“Two years of my life, stolen, for a social media post. Even before I have to serve my actual prison sentence. It’s hell.” With her hunger strike, she wants to draw attention to all political prisoners who await their prison sentence in Russia for years in house arrest. “My requirement is simple: I ask the government to man up. Do you want to judge me? Fine. I am ready for my sentence. I am not demanding a release, but a quick and fair trial, “Tsvetkova writes.
“Yulia, you are a heroine!” Can be read in the comments. And: “This is modern Russia; a young girl has more honor and dignity than the state and its security forces.”
The words of the two young women differ in a Russia where there is less and less room for a different opinion. In view of the parliamentary elections in September this year, repression in Russia is increasing. For example, the organization of opposition leader Navalny has recently been closed. Critical media was also gagged and numerous new laws were passed this week to facilitate prosecution of people sympathetic to the opposition.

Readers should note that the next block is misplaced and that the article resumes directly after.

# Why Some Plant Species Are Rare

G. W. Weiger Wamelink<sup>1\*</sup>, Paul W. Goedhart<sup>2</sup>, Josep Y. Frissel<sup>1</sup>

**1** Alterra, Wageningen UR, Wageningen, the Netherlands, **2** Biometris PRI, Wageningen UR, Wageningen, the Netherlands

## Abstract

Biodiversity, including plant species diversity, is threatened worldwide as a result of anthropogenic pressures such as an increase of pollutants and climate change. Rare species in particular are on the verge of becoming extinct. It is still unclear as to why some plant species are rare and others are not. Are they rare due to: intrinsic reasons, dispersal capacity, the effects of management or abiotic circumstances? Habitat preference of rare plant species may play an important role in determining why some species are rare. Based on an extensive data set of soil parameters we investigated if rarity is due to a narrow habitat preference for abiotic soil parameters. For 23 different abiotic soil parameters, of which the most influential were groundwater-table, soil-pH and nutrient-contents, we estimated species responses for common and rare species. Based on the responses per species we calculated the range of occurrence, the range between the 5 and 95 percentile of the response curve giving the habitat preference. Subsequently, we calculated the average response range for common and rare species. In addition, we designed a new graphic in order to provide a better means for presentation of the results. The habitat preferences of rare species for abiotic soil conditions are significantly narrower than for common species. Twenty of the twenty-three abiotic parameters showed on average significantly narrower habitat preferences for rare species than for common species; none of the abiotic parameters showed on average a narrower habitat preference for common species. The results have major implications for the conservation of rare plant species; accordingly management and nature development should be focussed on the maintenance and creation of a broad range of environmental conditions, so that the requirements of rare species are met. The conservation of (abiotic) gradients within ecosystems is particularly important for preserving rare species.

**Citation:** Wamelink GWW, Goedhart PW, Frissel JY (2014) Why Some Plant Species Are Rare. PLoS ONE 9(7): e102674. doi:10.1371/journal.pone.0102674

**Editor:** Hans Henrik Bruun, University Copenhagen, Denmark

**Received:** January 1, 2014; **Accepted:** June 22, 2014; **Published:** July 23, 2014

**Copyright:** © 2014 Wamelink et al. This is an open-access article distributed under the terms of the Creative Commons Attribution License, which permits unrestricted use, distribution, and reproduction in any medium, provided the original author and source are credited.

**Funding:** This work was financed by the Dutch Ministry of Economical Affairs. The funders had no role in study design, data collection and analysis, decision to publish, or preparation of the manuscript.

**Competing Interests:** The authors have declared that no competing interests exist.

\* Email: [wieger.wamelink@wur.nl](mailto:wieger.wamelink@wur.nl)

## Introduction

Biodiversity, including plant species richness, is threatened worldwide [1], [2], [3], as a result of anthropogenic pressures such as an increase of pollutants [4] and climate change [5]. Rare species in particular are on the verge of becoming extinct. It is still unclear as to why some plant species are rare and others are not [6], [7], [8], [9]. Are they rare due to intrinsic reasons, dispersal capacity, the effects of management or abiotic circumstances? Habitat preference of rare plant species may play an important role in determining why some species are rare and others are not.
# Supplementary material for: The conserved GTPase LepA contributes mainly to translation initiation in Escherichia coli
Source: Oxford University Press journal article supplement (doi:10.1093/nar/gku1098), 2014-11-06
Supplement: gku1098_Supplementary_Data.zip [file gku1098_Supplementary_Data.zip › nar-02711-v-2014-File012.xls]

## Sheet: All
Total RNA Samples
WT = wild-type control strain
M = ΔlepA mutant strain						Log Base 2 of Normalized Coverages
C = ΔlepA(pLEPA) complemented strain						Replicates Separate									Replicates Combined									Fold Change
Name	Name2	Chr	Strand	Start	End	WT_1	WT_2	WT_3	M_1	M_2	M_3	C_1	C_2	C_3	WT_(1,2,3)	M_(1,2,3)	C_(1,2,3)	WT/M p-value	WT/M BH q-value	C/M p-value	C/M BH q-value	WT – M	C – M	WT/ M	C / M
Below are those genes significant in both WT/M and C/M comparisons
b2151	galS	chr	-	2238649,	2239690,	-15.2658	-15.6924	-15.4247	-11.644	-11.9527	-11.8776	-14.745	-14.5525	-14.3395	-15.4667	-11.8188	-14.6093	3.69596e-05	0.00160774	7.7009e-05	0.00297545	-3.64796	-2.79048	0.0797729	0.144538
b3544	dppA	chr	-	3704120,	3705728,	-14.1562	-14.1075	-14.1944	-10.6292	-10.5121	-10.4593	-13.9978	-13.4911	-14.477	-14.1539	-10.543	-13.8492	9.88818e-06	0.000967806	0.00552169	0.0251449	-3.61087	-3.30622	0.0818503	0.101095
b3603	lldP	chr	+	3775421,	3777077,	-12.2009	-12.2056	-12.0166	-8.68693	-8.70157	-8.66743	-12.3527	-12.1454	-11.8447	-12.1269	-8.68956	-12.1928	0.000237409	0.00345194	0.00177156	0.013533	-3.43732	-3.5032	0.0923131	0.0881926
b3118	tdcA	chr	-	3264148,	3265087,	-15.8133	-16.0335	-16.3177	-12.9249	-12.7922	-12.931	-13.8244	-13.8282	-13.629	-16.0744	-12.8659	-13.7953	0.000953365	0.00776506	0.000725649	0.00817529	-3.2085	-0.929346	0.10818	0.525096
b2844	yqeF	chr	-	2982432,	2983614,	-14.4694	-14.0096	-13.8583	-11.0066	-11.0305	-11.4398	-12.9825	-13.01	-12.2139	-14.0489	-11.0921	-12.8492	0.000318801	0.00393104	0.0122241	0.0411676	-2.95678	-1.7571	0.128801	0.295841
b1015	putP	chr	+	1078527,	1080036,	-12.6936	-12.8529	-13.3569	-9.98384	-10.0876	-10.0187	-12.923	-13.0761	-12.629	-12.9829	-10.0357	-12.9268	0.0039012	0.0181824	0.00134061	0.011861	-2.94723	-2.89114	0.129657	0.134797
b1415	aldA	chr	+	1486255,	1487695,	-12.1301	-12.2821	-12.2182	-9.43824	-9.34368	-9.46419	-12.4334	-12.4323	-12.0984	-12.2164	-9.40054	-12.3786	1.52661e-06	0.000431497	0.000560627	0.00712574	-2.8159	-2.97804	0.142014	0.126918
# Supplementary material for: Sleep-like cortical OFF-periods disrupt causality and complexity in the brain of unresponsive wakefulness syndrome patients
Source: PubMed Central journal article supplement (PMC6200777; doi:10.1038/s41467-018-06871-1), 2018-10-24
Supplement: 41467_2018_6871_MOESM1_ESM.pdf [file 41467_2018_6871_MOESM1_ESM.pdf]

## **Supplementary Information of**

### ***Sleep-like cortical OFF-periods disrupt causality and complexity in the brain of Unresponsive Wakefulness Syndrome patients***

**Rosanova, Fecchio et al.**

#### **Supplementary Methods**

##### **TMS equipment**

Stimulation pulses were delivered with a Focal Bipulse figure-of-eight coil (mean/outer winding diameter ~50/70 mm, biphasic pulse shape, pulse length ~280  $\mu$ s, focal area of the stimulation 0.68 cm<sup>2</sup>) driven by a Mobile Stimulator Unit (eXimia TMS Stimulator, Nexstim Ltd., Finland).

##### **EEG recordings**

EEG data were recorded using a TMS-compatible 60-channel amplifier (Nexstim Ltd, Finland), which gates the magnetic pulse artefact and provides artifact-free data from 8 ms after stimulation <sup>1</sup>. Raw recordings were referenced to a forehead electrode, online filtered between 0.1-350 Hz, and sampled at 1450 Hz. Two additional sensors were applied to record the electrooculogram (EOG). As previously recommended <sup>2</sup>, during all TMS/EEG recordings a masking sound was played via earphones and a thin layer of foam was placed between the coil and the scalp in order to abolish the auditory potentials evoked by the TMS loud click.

Still broad support for Putin
More than three hundred thousand people signed online petitions for both Misiks and Tsvetkova’s release. But it does not seem that these types of individual protests are really triggering anything. Many young people are dissatisfied with Putin and recent developments, according to research center Levada, but the vast majority – about 65 percent – still support their president.
Misik and Tsvetkova do not have much hope that their protest will actually change anything. “Am I afraid of dying? I think so,” writes Tsvetkova. “But I have nothing more to lose. I have already lost my job, friends and life and only have my dignity left.”